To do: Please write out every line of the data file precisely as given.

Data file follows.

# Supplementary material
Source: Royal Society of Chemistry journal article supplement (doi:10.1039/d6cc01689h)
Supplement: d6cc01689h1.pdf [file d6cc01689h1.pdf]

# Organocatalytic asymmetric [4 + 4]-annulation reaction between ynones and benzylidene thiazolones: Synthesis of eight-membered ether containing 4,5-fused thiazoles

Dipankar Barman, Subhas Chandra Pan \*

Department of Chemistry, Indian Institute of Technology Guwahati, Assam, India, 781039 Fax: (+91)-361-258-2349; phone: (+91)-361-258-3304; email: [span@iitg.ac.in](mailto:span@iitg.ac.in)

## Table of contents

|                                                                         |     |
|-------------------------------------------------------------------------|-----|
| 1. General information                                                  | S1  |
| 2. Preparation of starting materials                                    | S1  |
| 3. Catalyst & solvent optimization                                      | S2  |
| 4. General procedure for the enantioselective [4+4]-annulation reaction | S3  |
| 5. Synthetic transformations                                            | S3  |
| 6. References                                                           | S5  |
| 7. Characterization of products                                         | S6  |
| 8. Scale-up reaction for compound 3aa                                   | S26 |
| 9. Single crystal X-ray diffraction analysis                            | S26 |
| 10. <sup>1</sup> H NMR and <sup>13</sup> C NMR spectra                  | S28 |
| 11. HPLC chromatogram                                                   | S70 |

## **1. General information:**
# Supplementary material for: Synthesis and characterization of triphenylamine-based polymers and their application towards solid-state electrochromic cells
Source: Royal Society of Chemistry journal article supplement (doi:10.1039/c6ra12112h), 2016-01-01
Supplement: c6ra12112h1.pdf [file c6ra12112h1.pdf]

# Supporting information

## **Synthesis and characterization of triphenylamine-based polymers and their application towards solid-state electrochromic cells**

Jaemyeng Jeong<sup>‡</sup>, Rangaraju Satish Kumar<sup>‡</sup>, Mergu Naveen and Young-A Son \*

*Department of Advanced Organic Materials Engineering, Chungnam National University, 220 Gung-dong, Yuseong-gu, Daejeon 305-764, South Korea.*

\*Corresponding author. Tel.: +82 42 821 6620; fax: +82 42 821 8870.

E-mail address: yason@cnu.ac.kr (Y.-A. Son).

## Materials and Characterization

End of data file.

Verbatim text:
# Supplementary material
Source: Royal Society of Chemistry journal article supplement (doi:10.1039/d6cc01689h)
Supplement: d6cc01689h1.pdf [file d6cc01689h1.pdf]

# Organocatalytic asymmetric [4 + 4]-annulation reaction between ynones and benzylidene thiazolones: Synthesis of eight-membered ether containing 4,5-fused thiazoles

Dipankar Barman, Subhas Chandra Pan \*

Department of Chemistry, Indian Institute of Technology Guwahati, Assam, India, 781039 Fax: (+91)-361-258-2349; phone: (+91)-361-258-3304; email: [span@iitg.ac.in](mailto:span@iitg.ac.in)

## Table of contents

|                                                                         |     |
|-------------------------------------------------------------------------|-----|
| 1. General information                                                  | S1  |
| 2. Preparation of starting materials                                    | S1  |
| 3. Catalyst & solvent optimization                                      | S2  |
| 4. General procedure for the enantioselective [4+4]-annulation reaction | S3  |
| 5. Synthetic transformations                                            | S3  |
| 6. References                                                           | S5  |
| 7. Characterization of products                                         | S6  |
| 8. Scale-up reaction for compound 3aa                                   | S26 |
| 9. Single crystal X-ray diffraction analysis                            | S26 |
| 10. <sup>1</sup> H NMR and <sup>13</sup> C NMR spectra                  | S28 |
| 11. HPLC chromatogram                                                   | S70 |

## **1. General information:**
# Supplementary material for: Synthesis and characterization of triphenylamine-based polymers and their application towards solid-state electrochromic cells
Source: Royal Society of Chemistry journal article supplement (doi:10.1039/c6ra12112h), 2016-01-01
Supplement: c6ra12112h1.pdf [file c6ra12112h1.pdf]

# Supporting information

## **Synthesis and characterization of triphenylamine-based polymers and their application towards solid-state electrochromic cells**

Jaemyeng Jeong<sup>‡</sup>, Rangaraju Satish Kumar<sup>‡</sup>, Mergu Naveen and Young-A Son \*

*Department of Advanced Organic Materials Engineering, Chungnam National University, 220 Gung-dong, Yuseong-gu, Daejeon 305-764, South Korea.*

\*Corresponding author. Tel.: +82 42 821 6620; fax: +82 42 821 8870.

E-mail address: yason@cnu.ac.kr (Y.-A. Son).

## Materials and Characterization